While McLeod syndrome is much rarer even than Chorea-acanthocytosis, it appears as if the methods of next generation sequencing allow more patients to be diagnosed. This is at least the impression of Adrian Danek at the Neurology Department at the University of Munich and of his colleagues at its neuromuscular unit (Friedrich Baur Institute). He had cared for a Munich patient and his brother almost thirty years ago but no other patients were diagnosed until 2018. In the last year, however, three new patients, men in their fifties who had presented with peripheral nerve and muscle issues, received a diagnosis of McLeod syndrome on the basis of genetic panel testing which was confirmed by immunohematological testing for the McLeod phenotype.
Interestingly, the modern genetic methods thus have fully reversed the previous, classical approach that starts with blood bank typing of the patient's red cells. Prof. Danek was invited to present a review of the syndrome at the Institute's comprehensive annual neuromuscular seminar that covers new findings from the whole field of muscle and peripheral nerve disease and in 2019 it took place on November 16.
McLeod Syndrome: He pointed out the new patient's initial presentation with loss of leg muscle bulk (atrophy) that mirrored the original index patient’s. A major practical problem for McLeod patients in Germany in general concerns is the issue of banking their blood donations for the future use of themselves or of others affected by the syndrome.
The three new Munich patients are being comprehensively studied in order to better understand the protean manifestations of McLeod syndrome that may affect brain control of movements, including swallowing, and that may be associated with epilepsy, personality changes and involvement of the heart muscle. The latter situation makes regular cardiology consults necessary and the uncommon McLeod phenotype of blood may cause transfusion hazards. Finally, boys that suffer from septic granulomatosis, a disease of antimicrobial defense that is caused by mutations in a gene right next to the McLeod gene, may develop symptoms of the latter.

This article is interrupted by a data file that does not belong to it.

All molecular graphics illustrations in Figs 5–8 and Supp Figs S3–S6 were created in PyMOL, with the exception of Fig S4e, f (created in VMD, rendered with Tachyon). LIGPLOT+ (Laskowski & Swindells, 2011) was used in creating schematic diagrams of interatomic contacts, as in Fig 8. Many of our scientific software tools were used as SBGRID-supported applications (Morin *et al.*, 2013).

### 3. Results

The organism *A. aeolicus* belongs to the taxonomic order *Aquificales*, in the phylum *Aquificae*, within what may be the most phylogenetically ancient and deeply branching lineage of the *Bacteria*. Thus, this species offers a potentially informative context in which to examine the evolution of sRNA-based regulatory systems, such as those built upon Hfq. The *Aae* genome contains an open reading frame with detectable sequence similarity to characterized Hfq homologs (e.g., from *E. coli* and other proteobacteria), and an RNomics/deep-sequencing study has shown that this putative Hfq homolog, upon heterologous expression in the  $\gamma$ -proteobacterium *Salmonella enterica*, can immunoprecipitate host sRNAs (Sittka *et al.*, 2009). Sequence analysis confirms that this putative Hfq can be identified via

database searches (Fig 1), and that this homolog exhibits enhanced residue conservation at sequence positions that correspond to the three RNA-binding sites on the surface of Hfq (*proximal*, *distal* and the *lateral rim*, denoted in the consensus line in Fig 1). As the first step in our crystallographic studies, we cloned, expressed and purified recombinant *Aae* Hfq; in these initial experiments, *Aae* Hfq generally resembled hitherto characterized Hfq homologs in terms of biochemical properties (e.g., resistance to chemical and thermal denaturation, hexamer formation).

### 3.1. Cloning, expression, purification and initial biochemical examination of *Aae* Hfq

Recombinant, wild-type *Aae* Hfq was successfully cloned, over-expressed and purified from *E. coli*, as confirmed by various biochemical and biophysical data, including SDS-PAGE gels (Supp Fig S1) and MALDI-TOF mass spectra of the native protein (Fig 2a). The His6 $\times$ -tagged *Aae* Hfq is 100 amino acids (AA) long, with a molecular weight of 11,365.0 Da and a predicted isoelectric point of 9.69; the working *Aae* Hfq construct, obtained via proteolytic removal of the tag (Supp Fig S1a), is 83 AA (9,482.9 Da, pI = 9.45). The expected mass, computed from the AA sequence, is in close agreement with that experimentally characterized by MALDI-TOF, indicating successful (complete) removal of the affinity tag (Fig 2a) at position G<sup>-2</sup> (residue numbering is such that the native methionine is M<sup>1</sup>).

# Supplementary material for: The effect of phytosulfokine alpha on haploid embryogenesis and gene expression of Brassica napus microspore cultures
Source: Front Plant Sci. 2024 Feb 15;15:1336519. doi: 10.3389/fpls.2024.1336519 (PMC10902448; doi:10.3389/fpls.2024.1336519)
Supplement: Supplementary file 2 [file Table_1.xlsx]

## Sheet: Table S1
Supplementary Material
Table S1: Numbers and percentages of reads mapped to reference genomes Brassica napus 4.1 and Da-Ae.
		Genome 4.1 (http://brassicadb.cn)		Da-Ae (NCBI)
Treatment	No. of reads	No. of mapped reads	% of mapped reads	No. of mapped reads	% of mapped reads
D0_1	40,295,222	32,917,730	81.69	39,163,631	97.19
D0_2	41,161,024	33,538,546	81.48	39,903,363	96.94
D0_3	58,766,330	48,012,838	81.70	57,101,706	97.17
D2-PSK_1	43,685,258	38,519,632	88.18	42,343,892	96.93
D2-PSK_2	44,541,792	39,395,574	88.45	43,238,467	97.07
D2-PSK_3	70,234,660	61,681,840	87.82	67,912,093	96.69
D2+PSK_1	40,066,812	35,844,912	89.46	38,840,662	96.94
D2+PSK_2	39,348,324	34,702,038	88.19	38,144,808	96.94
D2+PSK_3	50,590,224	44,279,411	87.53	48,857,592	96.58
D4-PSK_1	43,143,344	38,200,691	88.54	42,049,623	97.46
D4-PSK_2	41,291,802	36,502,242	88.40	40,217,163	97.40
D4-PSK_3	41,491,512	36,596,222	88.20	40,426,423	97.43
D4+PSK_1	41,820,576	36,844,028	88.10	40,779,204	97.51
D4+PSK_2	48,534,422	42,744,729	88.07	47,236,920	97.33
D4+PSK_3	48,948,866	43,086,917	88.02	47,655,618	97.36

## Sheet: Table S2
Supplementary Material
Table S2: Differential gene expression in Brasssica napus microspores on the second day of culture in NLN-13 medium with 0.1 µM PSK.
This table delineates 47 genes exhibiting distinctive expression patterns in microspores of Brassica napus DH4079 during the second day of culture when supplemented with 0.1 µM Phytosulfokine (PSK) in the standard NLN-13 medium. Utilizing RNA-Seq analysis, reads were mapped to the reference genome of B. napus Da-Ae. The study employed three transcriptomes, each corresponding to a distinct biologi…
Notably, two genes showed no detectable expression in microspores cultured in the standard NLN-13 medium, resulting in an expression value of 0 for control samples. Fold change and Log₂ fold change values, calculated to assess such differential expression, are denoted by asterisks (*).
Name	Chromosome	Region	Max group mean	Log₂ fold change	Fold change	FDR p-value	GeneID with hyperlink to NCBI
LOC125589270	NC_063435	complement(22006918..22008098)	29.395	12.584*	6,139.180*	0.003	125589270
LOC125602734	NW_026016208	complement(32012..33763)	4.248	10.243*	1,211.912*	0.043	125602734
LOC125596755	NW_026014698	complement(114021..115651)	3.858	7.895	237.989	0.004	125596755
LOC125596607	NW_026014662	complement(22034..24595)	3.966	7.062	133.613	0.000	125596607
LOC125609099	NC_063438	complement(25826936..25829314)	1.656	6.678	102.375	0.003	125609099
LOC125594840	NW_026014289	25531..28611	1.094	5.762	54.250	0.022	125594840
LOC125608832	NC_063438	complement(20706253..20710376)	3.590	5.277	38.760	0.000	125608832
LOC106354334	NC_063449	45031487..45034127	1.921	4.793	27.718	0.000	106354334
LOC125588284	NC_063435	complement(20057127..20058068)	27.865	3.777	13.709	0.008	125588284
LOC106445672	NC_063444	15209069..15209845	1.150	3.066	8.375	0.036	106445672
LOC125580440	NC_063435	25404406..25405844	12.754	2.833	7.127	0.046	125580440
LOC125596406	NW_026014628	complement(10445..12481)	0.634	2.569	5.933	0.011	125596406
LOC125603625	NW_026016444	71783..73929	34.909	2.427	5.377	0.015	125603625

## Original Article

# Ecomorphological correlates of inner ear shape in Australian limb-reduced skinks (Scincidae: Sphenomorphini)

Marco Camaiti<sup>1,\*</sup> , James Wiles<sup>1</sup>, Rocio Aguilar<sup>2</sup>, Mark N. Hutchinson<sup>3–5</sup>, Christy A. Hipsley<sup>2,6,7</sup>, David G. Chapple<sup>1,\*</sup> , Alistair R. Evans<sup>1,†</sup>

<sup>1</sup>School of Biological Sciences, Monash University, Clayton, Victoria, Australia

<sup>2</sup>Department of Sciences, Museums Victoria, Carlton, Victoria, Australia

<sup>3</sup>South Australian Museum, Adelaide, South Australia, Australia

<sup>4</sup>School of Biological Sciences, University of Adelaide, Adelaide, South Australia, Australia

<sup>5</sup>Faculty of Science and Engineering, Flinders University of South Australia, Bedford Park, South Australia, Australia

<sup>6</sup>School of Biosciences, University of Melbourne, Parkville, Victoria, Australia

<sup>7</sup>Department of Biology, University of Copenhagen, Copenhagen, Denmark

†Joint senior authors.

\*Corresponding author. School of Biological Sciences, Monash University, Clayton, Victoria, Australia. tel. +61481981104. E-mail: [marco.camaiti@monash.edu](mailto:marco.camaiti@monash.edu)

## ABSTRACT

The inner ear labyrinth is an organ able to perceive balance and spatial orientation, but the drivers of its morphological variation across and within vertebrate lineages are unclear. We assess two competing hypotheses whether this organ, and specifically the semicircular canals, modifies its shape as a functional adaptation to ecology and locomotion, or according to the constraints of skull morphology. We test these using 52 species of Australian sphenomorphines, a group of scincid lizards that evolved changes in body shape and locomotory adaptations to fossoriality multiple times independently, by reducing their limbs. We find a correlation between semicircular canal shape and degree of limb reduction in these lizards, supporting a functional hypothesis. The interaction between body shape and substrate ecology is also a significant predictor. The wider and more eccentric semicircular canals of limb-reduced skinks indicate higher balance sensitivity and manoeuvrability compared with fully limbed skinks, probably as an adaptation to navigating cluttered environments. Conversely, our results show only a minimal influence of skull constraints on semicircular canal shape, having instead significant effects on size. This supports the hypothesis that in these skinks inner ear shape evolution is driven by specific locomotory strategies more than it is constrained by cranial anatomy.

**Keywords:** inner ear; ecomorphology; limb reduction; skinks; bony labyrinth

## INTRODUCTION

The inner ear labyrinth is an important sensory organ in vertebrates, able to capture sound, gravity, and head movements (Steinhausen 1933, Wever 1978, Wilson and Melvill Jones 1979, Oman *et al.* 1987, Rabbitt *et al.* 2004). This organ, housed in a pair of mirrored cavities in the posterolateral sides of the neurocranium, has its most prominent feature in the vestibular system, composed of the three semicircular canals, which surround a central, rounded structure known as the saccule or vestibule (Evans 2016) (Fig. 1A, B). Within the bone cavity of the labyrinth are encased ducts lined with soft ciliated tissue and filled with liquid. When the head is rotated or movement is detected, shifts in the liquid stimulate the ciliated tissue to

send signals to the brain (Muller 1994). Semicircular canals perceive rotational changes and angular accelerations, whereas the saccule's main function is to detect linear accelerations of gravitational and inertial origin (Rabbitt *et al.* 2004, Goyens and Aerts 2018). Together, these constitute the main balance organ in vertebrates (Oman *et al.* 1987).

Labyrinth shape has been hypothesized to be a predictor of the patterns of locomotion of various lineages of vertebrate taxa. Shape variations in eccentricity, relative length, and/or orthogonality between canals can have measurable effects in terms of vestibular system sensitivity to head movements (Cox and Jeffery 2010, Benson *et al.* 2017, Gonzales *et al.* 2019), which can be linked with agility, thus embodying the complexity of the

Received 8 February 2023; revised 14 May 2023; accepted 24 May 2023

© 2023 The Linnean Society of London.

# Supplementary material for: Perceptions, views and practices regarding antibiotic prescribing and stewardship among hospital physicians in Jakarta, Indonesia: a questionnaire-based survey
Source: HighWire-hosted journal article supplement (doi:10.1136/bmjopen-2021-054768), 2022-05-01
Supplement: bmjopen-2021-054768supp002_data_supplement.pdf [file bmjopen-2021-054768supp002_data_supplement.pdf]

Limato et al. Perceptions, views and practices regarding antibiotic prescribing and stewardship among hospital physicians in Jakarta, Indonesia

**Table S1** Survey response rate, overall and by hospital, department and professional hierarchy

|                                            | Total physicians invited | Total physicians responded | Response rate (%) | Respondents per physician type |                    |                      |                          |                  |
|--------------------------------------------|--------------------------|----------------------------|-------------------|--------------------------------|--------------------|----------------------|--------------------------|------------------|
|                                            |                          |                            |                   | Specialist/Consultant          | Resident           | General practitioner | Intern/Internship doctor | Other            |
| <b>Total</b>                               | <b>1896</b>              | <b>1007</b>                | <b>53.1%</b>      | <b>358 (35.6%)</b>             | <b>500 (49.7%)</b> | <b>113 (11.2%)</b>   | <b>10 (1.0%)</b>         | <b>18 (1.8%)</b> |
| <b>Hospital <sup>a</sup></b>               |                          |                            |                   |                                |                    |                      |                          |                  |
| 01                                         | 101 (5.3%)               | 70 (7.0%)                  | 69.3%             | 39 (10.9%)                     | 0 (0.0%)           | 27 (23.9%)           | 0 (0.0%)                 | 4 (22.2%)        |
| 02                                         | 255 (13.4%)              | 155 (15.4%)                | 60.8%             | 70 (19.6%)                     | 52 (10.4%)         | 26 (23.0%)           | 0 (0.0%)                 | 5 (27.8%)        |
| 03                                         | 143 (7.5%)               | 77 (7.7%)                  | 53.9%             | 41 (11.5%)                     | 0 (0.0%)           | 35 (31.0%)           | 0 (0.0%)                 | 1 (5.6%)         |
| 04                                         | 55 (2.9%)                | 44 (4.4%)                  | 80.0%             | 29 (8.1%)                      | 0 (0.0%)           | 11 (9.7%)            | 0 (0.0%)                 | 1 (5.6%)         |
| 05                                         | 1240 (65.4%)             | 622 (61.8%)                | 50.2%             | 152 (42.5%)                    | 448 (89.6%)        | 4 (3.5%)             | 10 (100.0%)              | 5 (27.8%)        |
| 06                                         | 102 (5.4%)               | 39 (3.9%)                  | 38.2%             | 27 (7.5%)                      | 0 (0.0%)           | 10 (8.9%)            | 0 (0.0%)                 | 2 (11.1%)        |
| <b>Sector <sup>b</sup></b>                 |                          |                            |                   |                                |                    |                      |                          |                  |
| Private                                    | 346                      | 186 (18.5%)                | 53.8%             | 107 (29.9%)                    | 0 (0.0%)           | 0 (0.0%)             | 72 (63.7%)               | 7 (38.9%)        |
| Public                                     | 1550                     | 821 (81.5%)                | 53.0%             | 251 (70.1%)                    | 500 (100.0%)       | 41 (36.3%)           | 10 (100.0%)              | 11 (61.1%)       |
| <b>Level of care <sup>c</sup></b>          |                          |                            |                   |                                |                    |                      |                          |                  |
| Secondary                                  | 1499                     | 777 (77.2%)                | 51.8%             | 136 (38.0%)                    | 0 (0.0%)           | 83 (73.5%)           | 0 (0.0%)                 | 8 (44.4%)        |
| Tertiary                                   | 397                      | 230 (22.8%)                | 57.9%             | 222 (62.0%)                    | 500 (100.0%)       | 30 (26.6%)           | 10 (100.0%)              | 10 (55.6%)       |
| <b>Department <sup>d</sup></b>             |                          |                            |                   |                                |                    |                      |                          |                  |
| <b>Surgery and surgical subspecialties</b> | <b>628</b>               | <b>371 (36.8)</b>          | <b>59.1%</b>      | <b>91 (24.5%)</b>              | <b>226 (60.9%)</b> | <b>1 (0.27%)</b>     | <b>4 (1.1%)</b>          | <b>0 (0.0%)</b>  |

Because of medical advances and stem cell treatment this condition no longer seriously shortens the lives of those affected. If, however, their gene deletions also reach over into the McLeod gene they will most likely develop the latter condition's complications, and these patients must therefore also be closely monitored.
In a larger series of German McLeod patients, currently being written up by Dr. Kevin Peikert, previously in Dresden (where he was one of the organizers of the 9th International NA symposium), now Rostock, one or two of these patients will also be described.
A major practical problem for McLeod patients in Germany in general concerns the issue of banking their blood donations for the future use of themselves or of others affected by the syndrome. Through contacts with health insurers and with a small number of specialized blood banks we hope to solve the practical, mainly monetary and administrative issues of long-term storage and availability of such rare blood group preserves.
Prof. Danek's presentation was very well received and it may be predicted that an even larger number of McLeod cases will be identified in the near future. Both practical aspects as well as the enigmatic relationship to chorea-acanthocytosis will hopefully receive more attention and eventually may lead to a full understanding of both of these neuroacanthocytosis syndromes.